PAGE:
Hearing Loss, Tinnitus and Imbalance/Vertigo

A reader of this blog has asked us to discuss how hearing loss relates to tinnitus and balance problems. What follows represents a very brief review.

There seems little doubt that hearing loss, tinnitus and imbalance are related to inner ear (vestibular) problems. Unfortunately, little definitive research has revealed the exact nature of these relations, nor how these conditions may interact.

Parts of the Ear

According to the National Institute on Deafness and Other Communication Disorders (NICDC), a division of NIH (National Institutes of Health), hearing loss is the most common of the three conditions:

  • About 15% of Americans over 18 years old have some difficulty hearing.
  • About 10% of American adults (25 million people) have experienced tinnitus for at least 5 minutes during the past year.1
  • Almost 8 million American adults report a chronic problem with imbalance.2


Tinnitus is variously described as a ringing, buzzing, whistling, whining, hissing or clicking in the ears when no outside noise is present to cause the sounds. The sounds can be constant or intermittent. Tinnitus is not considered a disease but rather a symptom of problems in the auditory system.

Most tinnitus sufferers also experience some degree of hearing loss, but the majority of people with hearing loss do not suffer from tinnitus.3

Unfortunately, tinnitus remains poorly understood, though there are many theories about what causes it and how to treat it. Like hearing loss, tinnitus in young people seems to be increasing, possibly due to use of high-volume audio devices that may cause inner-ear damage.

Healthy Hearing, a support organization for people with hearing problems, offers an informative discussion of the causes and treatments of tinnitus at http://www.healthyhearing.com/help/tinnitus/treatment.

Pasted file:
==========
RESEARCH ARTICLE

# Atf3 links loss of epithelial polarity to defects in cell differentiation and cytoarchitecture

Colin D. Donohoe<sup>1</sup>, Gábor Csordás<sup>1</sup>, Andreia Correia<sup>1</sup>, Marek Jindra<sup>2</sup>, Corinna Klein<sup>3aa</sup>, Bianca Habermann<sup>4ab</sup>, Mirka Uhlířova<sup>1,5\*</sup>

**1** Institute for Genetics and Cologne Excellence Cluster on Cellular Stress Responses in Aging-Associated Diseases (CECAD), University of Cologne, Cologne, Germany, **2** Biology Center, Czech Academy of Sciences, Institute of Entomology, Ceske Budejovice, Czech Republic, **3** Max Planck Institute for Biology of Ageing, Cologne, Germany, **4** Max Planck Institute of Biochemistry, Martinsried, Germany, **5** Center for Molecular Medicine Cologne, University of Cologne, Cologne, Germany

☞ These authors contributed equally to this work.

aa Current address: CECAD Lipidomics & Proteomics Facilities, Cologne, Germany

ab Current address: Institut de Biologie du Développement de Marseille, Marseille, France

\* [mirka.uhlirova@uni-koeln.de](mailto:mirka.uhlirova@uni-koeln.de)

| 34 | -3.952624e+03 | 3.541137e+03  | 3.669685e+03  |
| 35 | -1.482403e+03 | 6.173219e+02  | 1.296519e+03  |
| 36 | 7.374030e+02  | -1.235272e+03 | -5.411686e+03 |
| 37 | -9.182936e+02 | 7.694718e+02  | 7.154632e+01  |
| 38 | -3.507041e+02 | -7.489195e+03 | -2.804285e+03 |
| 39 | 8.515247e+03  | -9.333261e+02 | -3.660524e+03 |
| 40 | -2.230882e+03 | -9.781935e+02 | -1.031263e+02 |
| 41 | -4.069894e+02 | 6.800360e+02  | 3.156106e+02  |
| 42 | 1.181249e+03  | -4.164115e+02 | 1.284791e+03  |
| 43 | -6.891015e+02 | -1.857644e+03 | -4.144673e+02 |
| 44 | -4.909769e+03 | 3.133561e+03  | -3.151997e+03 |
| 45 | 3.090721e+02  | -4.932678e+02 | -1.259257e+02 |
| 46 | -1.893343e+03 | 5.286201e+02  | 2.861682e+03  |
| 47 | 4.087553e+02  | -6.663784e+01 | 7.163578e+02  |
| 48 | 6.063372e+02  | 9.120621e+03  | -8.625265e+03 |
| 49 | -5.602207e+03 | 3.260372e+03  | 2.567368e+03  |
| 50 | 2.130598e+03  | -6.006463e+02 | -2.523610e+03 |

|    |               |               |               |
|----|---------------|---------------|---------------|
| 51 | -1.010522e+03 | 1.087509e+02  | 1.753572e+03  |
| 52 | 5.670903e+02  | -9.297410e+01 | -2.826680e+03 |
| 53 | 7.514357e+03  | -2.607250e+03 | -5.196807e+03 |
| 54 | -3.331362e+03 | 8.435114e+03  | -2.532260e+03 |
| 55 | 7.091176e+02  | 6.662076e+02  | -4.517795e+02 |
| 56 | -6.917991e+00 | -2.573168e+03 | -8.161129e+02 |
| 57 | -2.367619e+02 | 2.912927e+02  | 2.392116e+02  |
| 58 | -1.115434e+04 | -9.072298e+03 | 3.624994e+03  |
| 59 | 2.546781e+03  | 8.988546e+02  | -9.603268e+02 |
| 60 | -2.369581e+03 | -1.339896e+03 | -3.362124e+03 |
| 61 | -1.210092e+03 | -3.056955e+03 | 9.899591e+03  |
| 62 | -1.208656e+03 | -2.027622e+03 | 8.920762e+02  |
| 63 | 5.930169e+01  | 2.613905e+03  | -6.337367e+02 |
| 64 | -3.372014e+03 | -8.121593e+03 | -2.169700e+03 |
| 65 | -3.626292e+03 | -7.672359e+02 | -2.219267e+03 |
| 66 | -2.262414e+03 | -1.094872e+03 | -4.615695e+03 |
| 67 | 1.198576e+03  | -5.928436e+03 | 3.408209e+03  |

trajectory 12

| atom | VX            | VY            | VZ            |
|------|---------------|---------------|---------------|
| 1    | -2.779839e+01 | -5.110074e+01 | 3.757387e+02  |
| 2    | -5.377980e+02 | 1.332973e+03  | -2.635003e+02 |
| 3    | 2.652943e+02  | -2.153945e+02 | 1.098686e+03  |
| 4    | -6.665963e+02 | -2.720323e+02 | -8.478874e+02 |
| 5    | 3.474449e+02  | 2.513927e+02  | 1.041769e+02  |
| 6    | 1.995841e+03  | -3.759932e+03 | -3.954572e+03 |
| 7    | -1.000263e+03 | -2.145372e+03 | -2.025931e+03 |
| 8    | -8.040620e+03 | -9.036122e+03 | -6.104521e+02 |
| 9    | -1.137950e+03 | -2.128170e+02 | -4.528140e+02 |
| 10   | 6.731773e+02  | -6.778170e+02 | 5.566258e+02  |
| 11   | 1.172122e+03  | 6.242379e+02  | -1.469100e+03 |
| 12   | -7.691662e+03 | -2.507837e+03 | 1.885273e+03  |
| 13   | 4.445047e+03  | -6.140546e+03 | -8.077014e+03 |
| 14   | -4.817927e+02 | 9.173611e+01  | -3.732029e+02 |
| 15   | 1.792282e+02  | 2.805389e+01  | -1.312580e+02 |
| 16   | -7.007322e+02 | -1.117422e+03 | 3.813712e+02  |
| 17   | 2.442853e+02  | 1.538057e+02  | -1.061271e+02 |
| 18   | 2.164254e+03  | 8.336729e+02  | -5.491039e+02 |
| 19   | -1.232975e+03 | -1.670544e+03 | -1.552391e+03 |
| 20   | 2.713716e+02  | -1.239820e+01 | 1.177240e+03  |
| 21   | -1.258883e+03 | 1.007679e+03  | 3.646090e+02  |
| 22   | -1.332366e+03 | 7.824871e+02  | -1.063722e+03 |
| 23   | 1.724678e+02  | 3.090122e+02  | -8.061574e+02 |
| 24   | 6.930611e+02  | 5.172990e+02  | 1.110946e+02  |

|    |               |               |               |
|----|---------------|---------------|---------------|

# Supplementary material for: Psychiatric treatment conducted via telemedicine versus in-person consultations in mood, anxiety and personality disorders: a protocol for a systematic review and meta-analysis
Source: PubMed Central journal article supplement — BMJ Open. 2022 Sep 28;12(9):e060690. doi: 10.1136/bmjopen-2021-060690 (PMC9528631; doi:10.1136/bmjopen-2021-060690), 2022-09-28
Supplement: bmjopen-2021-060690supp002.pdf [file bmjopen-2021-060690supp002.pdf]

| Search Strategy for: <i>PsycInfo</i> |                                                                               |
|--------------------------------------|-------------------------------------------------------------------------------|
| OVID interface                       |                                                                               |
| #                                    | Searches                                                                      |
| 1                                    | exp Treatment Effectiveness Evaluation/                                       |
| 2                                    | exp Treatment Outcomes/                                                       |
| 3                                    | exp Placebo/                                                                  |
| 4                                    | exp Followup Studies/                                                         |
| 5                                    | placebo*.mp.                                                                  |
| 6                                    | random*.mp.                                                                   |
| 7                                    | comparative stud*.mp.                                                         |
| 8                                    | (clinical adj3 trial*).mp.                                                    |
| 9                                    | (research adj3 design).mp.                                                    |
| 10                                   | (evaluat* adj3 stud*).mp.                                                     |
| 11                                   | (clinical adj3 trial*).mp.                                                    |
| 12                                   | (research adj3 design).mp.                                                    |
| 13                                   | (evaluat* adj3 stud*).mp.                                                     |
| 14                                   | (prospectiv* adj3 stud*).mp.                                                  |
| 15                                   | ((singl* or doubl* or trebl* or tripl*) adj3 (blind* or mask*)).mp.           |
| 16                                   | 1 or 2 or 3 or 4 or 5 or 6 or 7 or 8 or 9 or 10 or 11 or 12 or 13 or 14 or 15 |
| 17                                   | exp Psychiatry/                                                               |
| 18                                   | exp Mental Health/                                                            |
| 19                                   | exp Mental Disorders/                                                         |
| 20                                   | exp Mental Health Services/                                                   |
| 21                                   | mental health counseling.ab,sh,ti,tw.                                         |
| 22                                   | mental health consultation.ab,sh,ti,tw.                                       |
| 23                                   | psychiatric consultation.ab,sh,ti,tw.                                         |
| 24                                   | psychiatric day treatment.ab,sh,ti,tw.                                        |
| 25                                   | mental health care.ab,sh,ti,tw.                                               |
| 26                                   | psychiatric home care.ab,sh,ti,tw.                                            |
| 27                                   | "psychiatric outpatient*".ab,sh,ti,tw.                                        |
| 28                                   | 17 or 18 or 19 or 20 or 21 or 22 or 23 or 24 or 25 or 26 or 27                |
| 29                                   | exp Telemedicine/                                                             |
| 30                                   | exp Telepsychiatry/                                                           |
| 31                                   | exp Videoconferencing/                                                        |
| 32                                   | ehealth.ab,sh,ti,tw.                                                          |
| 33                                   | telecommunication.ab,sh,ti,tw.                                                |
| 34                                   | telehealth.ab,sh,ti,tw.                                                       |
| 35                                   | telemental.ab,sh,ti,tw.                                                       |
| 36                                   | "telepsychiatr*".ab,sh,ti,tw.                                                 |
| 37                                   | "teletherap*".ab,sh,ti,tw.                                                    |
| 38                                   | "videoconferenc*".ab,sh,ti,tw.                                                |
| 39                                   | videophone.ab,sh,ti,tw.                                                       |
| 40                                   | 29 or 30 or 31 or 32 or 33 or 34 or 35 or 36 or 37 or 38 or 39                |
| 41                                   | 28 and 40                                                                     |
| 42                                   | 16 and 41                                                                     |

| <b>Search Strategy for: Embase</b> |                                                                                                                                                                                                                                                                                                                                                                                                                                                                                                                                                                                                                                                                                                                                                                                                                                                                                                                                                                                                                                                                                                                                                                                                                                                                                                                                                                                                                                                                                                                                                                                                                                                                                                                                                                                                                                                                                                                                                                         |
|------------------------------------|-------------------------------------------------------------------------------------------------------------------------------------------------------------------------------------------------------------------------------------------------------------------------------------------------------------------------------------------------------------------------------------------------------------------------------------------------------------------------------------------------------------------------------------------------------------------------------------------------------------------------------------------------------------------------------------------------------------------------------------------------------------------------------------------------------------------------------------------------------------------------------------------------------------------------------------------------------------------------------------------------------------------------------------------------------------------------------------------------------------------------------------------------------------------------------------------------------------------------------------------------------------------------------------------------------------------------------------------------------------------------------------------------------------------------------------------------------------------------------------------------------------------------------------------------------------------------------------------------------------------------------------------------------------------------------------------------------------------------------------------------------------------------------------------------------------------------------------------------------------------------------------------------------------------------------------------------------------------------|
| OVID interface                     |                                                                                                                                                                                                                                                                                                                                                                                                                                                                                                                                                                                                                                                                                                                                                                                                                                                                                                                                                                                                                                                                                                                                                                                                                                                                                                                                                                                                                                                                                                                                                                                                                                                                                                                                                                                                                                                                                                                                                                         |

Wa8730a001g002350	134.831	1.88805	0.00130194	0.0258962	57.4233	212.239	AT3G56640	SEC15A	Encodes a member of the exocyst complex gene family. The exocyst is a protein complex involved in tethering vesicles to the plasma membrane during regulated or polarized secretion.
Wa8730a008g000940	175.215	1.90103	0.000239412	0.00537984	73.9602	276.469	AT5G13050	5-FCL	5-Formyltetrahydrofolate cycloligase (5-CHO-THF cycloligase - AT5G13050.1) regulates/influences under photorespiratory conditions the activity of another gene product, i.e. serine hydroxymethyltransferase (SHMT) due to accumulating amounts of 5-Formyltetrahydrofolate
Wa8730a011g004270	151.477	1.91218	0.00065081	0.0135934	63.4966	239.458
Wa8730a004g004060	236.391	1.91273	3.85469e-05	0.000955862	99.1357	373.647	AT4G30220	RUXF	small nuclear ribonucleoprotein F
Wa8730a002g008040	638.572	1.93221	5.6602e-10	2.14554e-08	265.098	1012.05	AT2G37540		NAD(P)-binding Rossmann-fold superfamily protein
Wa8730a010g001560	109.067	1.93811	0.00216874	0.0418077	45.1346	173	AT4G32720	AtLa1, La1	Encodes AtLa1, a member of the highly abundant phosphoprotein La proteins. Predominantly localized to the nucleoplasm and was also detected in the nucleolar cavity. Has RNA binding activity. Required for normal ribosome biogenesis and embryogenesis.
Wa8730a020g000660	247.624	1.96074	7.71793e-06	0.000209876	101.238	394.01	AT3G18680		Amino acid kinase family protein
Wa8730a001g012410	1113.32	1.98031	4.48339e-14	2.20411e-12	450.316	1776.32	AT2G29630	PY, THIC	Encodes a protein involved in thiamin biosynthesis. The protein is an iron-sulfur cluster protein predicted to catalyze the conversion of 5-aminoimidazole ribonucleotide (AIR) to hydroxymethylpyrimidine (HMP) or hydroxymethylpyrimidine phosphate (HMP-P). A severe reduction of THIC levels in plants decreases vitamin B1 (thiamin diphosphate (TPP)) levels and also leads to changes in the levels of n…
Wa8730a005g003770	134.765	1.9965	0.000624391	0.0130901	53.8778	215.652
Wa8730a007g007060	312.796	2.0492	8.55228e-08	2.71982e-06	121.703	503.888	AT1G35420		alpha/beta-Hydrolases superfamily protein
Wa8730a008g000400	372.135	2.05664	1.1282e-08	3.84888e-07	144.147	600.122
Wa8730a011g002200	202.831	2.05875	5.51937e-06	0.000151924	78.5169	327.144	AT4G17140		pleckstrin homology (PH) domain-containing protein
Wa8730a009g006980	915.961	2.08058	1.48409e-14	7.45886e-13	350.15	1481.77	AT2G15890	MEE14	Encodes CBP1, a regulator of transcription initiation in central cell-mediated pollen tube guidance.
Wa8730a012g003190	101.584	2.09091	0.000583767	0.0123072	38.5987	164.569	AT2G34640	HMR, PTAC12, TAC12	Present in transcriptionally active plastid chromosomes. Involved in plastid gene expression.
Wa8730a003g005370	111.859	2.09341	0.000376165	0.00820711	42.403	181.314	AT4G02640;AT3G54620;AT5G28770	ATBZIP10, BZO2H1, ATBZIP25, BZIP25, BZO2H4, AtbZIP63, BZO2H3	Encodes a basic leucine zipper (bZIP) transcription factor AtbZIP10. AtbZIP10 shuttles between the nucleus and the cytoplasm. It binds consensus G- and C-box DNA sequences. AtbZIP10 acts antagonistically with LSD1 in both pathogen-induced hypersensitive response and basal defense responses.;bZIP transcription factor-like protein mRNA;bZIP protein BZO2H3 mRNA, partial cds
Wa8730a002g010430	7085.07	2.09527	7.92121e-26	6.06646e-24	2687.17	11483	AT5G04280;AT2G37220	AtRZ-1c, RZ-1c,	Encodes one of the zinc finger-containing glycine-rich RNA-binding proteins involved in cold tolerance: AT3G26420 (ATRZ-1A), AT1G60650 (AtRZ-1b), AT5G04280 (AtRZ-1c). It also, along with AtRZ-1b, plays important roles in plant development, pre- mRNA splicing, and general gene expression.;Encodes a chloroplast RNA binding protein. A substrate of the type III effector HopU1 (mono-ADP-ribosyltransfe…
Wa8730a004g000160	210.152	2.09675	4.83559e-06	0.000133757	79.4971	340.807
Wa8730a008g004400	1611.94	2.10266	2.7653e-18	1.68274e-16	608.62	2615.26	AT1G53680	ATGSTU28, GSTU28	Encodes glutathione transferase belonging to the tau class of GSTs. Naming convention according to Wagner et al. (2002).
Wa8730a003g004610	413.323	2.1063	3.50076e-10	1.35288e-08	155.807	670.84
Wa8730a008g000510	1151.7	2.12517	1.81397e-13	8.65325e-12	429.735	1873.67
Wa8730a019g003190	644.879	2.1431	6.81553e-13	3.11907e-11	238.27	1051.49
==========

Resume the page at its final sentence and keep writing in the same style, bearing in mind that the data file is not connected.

A large group of ear-related problems are grouped under the informal term “dizziness.” Some people think of dizziness as feeling faint. Other people may use “dizziness” to describe a feeling of fear- and anxiety-based disorientation. But generally when we refer to dizziness, we mean loss of balance, or possibly vertigo.

Balance problems include staggering or feeling unsteady while standing or walking.4 Inner ear problems are strongly implicated in balance disorders.  Vertigo is the feeling of being in motion when you are not. When you turn around and around and then stand motionless, the impression that you are still whirling is vertigo.


Loss of balance can be a symptom of serious problems and should be followed by a visit to an otolaryngologist (ENT) who specializes in balance issues.  If you suffer from tinnitus, you should also look for an ENT who specializes in that condition.

Even if hearing loss is your primary complaint, be sure also to tell your hearing practitioner about any imbalance or tinnitus you have experienced. Being aware of your combination of auditory conditions will help the specialist determine the most appropriate treatment for you.



1 www.nidcd.nih.gov/health/statistics/quick-statistics-hearing

2 www.nidcd.nih.gov/about/strategic-plan/2012-2016/why-nidcd-supports-hearing-and-balance-research

3 Davis & Rafie, 2000; Lockwood et al., 2002, cited in www.dizziness-and-balance.com/disorders/hearing/tinnitus.htm

4 www.webmd.com/first-aid/understanding-dizziness-basics


Additional Reading








Leave a Reply